“Persistent Organic Pollutants and Heavy Metals: Alterations in the Gut Metagenome and Links with Insulin Resistance and Body Composition Following Bariatric Surgery,” Tom Ziegler and Jessica Alvarez, School of Medicine, Endocrinology. This project will provide new knowledge in our understanding of how specific pollutant exposures impact the gut microbiota and their link to chronic diseases such as diabetes and obesity in humans.
Co-Director, Pilot Projects Program; Associate Professor, Research Track, Rollins School of Public Health
Director, Environmental Health Data Sciences Core; Professor, Biostatistics and Bioninformatics, Rollins School of Public Health
Member Benefits Reminders
All HERCULES Members are eligible to apply for funding to support protected time to pursue cross-training or to cover costs to attend conferences that align with the HERCULES Center mission. Email Career Development Program Director, Jeremy Sarnat (email@example.com), with a brief description of your request for preliminary approval before filling out the Professional Development Fund Request Form.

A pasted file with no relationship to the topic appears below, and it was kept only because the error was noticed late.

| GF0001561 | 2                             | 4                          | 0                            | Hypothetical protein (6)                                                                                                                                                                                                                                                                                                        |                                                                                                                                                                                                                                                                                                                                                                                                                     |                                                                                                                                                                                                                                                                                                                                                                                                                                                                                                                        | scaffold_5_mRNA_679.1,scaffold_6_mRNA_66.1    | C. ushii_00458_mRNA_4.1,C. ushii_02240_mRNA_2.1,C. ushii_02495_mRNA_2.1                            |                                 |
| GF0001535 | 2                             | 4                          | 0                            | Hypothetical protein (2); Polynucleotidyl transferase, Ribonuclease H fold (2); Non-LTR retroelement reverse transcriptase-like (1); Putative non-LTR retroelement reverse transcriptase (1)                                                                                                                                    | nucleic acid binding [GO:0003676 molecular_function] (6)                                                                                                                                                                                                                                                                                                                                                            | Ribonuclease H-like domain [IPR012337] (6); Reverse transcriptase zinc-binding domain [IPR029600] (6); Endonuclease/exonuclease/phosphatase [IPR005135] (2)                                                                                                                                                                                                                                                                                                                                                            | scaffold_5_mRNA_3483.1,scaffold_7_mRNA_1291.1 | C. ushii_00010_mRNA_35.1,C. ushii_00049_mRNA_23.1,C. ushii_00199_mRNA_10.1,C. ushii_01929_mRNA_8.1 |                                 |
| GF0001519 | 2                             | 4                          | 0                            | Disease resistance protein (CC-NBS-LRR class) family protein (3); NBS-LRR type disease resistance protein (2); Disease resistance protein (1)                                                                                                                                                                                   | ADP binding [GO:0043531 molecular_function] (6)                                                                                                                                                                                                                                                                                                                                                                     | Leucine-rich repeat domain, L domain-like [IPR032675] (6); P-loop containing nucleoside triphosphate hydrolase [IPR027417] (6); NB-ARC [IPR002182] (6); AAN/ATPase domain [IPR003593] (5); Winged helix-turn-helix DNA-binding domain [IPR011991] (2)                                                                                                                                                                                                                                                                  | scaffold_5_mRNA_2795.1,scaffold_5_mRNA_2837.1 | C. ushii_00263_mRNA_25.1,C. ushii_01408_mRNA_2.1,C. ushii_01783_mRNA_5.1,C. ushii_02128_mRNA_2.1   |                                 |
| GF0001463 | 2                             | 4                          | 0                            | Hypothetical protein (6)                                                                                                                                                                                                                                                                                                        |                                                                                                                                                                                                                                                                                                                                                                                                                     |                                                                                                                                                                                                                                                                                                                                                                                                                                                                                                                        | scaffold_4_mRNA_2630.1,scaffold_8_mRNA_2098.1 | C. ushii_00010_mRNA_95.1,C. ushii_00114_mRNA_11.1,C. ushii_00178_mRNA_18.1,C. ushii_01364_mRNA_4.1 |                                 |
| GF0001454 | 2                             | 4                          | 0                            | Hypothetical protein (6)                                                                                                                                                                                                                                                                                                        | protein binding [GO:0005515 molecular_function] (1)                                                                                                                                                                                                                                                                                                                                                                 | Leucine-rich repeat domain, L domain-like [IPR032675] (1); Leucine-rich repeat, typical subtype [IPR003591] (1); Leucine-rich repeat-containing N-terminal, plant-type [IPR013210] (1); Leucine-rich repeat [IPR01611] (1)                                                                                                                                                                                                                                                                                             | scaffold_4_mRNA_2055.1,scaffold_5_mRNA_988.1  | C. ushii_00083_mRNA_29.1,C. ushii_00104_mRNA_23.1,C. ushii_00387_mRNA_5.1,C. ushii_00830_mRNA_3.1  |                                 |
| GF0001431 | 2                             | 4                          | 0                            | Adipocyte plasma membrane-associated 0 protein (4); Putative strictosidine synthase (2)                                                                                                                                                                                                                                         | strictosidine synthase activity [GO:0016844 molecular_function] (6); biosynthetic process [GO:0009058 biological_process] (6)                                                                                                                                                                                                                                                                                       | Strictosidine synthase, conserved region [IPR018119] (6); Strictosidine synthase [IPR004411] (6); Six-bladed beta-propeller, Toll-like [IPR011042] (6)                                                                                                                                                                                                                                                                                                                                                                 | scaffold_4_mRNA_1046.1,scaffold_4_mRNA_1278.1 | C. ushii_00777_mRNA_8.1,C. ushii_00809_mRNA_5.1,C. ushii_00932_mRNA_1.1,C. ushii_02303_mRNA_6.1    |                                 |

The Enhance Grant Program is designed to remove obstacles to Environmental Health Sciences research productivity for HERCULES Members by producing short-duration, limited funds on a time-sensitive basis. Applications are accepted on an ongoing basis but must be submitted by January 17, 2022. Details are available here.
HERCULES Members are eligible to apply for student support for exposome-related projects through the Rollins Earn and Learn (REAL) program. REAL students can work up to 185 hours/semester, and their salary will be split between RSPH and HERCULES. Kate will send application details in mid-June. Monday, July 12 is the deadline to apply.